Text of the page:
Winter’s a season painted in shades of gray. Or brown, in the case of some of the “little brown birds” known as sparrows that enliven our yards and gardens during the colder months. A few, like the song sparrow, reside near us through all the seasons, but most of the sparrows are visitors only during the colder months of the year. This diverse family includes such birds as dark-eyed junco, chipping sparrow, white-throated sparrow, white-crowned sparrow, field sparrow, fox sparrow, and Eastern towhee.

I host many of these sparrows every winter, but one of the most reliable visitors is the white-throated sparrow. The white-throated sparrow and the closely related white-crowned sparrow both belong to a genus of American sparrows known as Zonotrichia, which includes three other species. The other three — golden-crowned sparrow, rufous-collared sparrow, and Harris’s sparrow — range mostly outside the continental United States. The rufous-collared sparrow ranges throughout Mexico, as well as the island of Hispaniola. Harris’s sparrow is a bird that occurs mostly in Canada, although there are a handful of records in our region. The golden-crowned sparrow is a bird that occurs mostly in Alaska, although some of this sparrow’s population ranges into the northwestern corner of the state of Washington.

Photo by Skeeze/Pixabay • A white-throated sparrow perches on a branch to sing its easily recognizable song. Many Americans translate the sparrow’s song as “Ol’ Sam Peabody, Peabody, Peabody.”

The genus name, Zonotrichia, refers to two ancient Greek words for zone and hair, which refers to the pattern of streaks on the backs of these five sparrow species. The Zonotrichia sparrows belong to a large group of birds known as Passerellidae, or American sparrows, which also includes birds such as juncos, towhees and brush finches. Some of the more descriptive names for American sparrows include orange-billed sparrow, white-eared ground sparrow, green-backed sparrow, olive sparrow, cinnamon-tailed sparrow, five-striped sparrow and golden-winged sparrow.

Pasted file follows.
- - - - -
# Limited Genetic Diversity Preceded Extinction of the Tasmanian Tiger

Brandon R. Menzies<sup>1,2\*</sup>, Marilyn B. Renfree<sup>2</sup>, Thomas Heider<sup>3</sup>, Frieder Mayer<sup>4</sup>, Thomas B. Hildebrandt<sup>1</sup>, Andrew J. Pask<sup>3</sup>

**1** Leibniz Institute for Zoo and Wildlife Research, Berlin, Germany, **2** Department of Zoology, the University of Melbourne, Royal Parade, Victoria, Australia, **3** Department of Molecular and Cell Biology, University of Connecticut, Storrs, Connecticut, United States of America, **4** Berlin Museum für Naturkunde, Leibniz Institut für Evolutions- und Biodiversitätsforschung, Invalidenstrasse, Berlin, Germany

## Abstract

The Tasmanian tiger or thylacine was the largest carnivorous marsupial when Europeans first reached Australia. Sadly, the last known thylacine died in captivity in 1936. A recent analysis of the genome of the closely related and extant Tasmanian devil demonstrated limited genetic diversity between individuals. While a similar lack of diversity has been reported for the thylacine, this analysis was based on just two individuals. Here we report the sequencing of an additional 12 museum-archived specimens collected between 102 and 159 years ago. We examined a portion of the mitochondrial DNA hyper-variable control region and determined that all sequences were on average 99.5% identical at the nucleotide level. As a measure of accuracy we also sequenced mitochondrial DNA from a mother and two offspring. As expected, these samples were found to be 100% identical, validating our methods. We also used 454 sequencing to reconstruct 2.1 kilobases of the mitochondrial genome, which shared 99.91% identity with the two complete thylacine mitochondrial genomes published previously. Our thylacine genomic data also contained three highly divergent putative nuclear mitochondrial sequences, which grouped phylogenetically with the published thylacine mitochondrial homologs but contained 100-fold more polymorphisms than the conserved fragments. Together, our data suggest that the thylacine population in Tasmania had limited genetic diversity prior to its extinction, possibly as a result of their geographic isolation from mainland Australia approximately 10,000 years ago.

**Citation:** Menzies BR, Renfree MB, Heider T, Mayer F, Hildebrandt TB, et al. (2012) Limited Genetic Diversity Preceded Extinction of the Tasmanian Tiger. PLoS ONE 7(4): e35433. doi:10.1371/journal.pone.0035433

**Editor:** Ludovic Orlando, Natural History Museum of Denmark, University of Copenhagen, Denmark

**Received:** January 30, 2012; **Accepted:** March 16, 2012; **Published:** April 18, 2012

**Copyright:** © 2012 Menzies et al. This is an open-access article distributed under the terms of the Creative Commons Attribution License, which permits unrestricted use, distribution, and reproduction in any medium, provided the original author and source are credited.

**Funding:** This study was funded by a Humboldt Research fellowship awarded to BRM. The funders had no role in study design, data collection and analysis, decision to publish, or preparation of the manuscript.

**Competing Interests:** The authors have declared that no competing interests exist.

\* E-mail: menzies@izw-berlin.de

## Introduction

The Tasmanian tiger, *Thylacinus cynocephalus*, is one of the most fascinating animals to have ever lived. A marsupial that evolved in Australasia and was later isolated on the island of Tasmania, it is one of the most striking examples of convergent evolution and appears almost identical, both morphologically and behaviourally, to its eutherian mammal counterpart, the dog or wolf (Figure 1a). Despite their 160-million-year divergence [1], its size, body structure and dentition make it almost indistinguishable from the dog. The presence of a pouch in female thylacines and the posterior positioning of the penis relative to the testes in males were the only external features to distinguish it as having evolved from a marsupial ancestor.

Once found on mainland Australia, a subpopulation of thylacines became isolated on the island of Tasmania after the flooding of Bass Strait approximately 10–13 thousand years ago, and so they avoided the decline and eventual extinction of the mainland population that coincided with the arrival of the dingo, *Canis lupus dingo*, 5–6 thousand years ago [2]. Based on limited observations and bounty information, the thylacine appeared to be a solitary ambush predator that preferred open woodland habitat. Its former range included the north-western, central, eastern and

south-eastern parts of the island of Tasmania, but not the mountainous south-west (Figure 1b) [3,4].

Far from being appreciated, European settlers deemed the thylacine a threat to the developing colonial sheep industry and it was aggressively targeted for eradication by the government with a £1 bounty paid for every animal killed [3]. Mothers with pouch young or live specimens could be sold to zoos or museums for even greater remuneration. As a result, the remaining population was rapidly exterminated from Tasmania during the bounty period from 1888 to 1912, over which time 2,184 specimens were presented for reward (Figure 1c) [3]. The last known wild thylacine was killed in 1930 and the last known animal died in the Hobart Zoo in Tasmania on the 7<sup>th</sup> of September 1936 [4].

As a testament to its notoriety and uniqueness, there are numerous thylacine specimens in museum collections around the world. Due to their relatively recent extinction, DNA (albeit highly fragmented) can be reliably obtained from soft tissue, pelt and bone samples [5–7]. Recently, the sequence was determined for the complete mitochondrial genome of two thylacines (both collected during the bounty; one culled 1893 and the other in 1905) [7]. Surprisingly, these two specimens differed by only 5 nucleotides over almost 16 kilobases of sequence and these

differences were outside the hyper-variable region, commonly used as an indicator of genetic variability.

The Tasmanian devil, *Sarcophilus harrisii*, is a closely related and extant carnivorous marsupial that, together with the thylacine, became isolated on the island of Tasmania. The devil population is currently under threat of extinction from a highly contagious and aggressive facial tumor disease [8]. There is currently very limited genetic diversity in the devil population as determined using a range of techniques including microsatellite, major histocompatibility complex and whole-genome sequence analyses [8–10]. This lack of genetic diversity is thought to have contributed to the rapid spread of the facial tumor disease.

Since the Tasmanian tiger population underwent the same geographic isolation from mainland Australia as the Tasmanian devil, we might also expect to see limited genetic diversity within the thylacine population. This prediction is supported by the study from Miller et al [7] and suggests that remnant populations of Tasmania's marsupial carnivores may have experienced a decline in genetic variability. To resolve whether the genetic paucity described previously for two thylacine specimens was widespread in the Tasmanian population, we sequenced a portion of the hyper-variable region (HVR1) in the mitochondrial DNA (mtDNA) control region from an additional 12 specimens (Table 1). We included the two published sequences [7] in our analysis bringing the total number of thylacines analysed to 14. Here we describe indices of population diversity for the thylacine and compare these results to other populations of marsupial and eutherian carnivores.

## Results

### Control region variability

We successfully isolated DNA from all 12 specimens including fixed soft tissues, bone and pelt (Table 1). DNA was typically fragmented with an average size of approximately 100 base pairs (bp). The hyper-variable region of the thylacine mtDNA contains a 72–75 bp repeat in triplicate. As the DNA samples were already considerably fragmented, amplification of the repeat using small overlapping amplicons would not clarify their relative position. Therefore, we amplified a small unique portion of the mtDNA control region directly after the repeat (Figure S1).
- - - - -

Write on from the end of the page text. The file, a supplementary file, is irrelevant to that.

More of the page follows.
Many sparrows, including the white-throated sparrow, prefer to forage for food on the ground. It’s often helpful to purchase a supply of millet seed. When filling feeders with sunflower seeds, scatter a couple of handfuls of millet seed on the ground beneath the feeders or at the edge of a brushy area. Sparrows like to have quick access to dense cover, so they will feed more securely if the scattered seeds are within quick reach of shelter.

Photo by Skeeze/Pixabay • A white-throated sparrow perches on a branch to sing its easily recognizable song. Many Americans translate the sparrow’s song as “Ol’ Sam Peabody, Peabody, Peabody.”

In fact, food and shelter are probably the two most compelling factors sparrows take note of when selecting a yard for their winter residence. There are easy means of providing the shelter that gives these small birds peace of mind. Leave an edge or corner of your yard in a unkempt manner. Don’t cut down grass, weeds, and saplings. Even if human neighbors look askance, your feathered friends will be grateful. An alternative is to create a brush pile with discarded trimmings taken during periodic spruce-ups of the yard and garden. Sparrows, as well as other birds, will use the brushy cover as a shelter from the elements and as protection from visiting raptors such as sharp-shinned hawks.